Deacon Fred Thornton, 60, is the Catholic chaplain at Centinela State Prison in Imperial.

A former San Diego police officer, who retired in 2017 after 32 years, he was ordained to the permanent diaconate on June 6, 2014.

In addition to his work at the prison, Deacon Thornton also ministers at St. Elizabeth of Hungary Parish in Julian and at both Santa Ysabel Indian Mission/St. John the Baptist Church in Santa Ysabel and its mission church, St. Francis of Assisi Chapel in Warner Springs.


What is it like, as a former cop, to minister at a prison?
About a year ago, when the bishop’s office asked if I’d take the job, I hesitated. My fear was that guys I had put in prison would recognize me and I’d get killed. After praying about it, I realized that my whole life had been preparing me for prison ministry.

When I first got here, I was warned that, if I told the inmates about my background, it might cause problems for me. After praying about that, I decided to be open and honest. I told them my story during the homily at my first Communion service.

What have you found most rewarding about your work?
Most rewarding is the true fellowship that the inmates and I share. I joyfully call them my brothers in Christ, because they are. We live the faith together; we walk it together.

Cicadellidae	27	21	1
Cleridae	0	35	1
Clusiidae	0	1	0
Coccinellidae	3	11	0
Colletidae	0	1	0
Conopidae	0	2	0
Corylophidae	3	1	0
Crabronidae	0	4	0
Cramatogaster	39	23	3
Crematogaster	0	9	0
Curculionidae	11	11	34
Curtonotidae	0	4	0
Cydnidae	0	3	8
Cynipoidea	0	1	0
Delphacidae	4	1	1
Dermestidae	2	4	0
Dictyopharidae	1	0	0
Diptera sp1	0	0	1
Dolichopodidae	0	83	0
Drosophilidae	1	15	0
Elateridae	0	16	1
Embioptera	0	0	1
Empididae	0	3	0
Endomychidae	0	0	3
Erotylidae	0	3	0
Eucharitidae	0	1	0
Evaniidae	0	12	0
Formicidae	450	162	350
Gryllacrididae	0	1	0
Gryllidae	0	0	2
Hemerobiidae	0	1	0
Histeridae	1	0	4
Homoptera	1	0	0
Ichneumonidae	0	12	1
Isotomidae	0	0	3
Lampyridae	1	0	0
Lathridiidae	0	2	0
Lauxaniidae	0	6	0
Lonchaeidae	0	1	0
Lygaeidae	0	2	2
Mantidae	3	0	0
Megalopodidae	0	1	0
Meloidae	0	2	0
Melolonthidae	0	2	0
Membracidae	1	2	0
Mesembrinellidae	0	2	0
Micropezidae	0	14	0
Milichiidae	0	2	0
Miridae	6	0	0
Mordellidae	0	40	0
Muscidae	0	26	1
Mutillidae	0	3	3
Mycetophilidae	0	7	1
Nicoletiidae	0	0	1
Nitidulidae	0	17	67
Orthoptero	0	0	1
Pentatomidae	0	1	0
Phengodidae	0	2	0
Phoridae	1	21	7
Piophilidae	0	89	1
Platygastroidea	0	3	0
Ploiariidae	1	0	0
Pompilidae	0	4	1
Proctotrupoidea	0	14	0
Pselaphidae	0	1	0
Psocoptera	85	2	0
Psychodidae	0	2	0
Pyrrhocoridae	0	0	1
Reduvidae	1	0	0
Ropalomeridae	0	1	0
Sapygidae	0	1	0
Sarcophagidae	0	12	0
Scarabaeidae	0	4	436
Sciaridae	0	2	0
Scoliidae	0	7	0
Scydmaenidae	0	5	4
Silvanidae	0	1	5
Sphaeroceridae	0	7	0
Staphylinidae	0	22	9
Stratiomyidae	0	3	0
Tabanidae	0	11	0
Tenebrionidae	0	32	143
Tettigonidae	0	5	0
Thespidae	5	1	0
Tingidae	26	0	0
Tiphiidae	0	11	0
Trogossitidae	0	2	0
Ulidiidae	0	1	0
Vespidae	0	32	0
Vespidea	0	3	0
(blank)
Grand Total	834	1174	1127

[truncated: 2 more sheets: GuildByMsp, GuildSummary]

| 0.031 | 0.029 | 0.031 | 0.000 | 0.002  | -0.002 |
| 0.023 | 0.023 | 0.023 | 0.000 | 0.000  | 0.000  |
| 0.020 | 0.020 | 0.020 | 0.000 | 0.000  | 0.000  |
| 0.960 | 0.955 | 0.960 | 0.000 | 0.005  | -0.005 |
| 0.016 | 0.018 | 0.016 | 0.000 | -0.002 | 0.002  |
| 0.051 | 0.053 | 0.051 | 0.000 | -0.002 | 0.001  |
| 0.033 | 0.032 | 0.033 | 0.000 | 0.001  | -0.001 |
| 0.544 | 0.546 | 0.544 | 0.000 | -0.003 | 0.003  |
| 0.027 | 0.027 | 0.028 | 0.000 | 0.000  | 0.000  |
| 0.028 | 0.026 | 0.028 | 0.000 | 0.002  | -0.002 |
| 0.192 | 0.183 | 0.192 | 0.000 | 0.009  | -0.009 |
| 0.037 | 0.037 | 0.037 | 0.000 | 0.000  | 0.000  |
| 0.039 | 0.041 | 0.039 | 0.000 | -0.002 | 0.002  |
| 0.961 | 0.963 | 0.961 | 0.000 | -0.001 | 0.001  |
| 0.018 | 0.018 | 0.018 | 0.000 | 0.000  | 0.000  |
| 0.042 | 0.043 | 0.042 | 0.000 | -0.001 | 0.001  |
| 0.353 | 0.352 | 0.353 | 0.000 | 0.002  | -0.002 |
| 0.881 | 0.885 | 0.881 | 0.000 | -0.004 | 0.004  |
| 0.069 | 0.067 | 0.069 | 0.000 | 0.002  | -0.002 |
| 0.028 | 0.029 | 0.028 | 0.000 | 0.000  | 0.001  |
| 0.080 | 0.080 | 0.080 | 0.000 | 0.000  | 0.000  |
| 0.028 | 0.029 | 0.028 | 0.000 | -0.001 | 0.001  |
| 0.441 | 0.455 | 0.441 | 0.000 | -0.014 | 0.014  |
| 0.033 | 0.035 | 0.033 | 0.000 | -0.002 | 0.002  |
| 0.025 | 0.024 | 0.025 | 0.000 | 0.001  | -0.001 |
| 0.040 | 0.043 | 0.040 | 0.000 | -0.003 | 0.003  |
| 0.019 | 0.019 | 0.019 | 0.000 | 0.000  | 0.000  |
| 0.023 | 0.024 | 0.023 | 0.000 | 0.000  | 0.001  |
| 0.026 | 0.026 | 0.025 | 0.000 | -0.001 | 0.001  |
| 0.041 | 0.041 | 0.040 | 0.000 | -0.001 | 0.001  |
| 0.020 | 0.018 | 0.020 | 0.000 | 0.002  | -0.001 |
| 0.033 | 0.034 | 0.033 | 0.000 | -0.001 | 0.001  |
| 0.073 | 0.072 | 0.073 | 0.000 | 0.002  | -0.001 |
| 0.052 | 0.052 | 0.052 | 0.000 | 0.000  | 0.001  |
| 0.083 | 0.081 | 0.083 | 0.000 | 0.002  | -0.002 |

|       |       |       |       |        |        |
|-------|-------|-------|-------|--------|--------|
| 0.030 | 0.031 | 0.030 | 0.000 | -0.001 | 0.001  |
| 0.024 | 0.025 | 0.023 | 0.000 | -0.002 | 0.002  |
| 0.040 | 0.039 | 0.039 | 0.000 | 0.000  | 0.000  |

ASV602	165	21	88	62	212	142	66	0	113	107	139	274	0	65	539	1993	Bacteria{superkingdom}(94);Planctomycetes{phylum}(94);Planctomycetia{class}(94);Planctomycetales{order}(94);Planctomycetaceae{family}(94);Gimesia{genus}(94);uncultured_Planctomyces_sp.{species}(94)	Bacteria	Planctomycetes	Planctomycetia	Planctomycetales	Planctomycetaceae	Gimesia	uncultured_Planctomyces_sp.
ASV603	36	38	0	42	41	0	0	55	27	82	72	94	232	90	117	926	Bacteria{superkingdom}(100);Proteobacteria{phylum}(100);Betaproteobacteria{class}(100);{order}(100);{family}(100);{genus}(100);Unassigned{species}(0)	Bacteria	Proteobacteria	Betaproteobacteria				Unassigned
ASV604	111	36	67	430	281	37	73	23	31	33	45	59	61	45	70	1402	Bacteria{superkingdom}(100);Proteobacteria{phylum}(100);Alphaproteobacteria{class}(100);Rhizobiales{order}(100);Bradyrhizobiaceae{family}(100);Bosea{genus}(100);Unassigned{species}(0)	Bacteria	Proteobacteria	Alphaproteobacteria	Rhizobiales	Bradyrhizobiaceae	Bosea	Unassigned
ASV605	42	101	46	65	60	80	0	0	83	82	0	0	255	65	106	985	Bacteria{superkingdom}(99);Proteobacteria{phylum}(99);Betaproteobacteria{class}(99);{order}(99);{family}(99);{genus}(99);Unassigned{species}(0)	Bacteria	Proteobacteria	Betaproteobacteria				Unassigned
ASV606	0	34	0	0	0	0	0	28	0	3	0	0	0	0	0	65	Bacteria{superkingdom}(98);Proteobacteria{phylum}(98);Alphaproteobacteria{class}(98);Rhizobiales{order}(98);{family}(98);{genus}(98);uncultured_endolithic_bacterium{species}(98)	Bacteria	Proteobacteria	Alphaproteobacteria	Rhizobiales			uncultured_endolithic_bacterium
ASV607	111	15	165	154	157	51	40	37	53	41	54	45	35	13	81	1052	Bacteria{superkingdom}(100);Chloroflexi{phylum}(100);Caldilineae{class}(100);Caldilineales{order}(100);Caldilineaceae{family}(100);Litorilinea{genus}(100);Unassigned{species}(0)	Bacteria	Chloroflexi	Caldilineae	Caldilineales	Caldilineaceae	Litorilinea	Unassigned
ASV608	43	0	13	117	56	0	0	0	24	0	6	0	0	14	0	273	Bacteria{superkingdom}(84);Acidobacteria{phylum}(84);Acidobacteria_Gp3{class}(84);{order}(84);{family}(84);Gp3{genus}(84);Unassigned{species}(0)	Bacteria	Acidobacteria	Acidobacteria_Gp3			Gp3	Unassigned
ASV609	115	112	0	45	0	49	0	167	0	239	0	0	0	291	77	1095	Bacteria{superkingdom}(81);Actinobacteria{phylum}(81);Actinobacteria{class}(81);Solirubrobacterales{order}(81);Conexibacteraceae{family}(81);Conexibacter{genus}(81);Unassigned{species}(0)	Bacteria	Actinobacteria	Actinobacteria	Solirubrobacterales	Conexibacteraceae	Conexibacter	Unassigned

I’d say 50 to 70 percent of the guys who attend my services are in prison for gang-related homicides; a good portion have committed more than one homicide. At one time, I didn’t think they were going to accept this former cop as their chaplain, but they have.

There’s one inmate who was high up in the Mexican mafia — I knew of him by reputation when I was a cop — and he has become a real friend. He helps set up the chapel for each service, and he stays behind afterwards to pray with me. We pray for each other and for our families. He’s in my daily rosary; he’s got a prominent spot in one of my decades. He knows the hardcore cop that I was, and I know about him, and we both recognize that it’s through the love of God that we’ve become who we are now.

What message do you have for others about possibly getting involved with prison ministry?
There are a lot of preconceived ideas about what prison’s like – that it’s scary, that it’s dangerous. That element exists, however, the inmates that I work with are hungry for the Word and they appreciate when people take the time to be with them.

If you’re fearful about what might potentially happen, pray about it. There’s a lot of work to be done in prisons. I’m looking for volunteers. There’s a clearance process that has to take place before you can start volunteering, but if you’re willing, if your heart is in it, please come and help. And share in the joy.

The above comes from a May 10 story in the Southern Cross.